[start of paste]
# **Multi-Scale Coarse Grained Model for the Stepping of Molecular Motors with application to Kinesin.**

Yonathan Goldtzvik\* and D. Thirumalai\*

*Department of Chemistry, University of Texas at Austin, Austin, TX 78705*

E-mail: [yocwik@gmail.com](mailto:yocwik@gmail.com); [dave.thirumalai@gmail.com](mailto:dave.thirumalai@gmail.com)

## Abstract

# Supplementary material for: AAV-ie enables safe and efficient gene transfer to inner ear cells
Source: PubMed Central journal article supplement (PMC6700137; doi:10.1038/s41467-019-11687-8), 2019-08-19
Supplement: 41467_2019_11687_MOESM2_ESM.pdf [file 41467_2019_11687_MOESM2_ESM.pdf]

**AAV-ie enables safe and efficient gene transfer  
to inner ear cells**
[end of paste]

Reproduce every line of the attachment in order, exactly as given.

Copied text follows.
# **Multi-Scale Coarse Grained Model for the Stepping of Molecular Motors with application to Kinesin.**

Yonathan Goldtzvik\* and D. Thirumalai\*

*Department of Chemistry, University of Texas at Austin, Austin, TX 78705*

E-mail: [yocwik@gmail.com](mailto:yocwik@gmail.com); [dave.thirumalai@gmail.com](mailto:dave.thirumalai@gmail.com)

## Abstract

# Supplementary material for: AAV-ie enables safe and efficient gene transfer to inner ear cells
Source: PubMed Central journal article supplement (PMC6700137; doi:10.1038/s41467-019-11687-8), 2019-08-19
Supplement: 41467_2019_11687_MOESM2_ESM.pdf [file 41467_2019_11687_MOESM2_ESM.pdf]

**AAV-ie enables safe and efficient gene transfer  
to inner ear cells**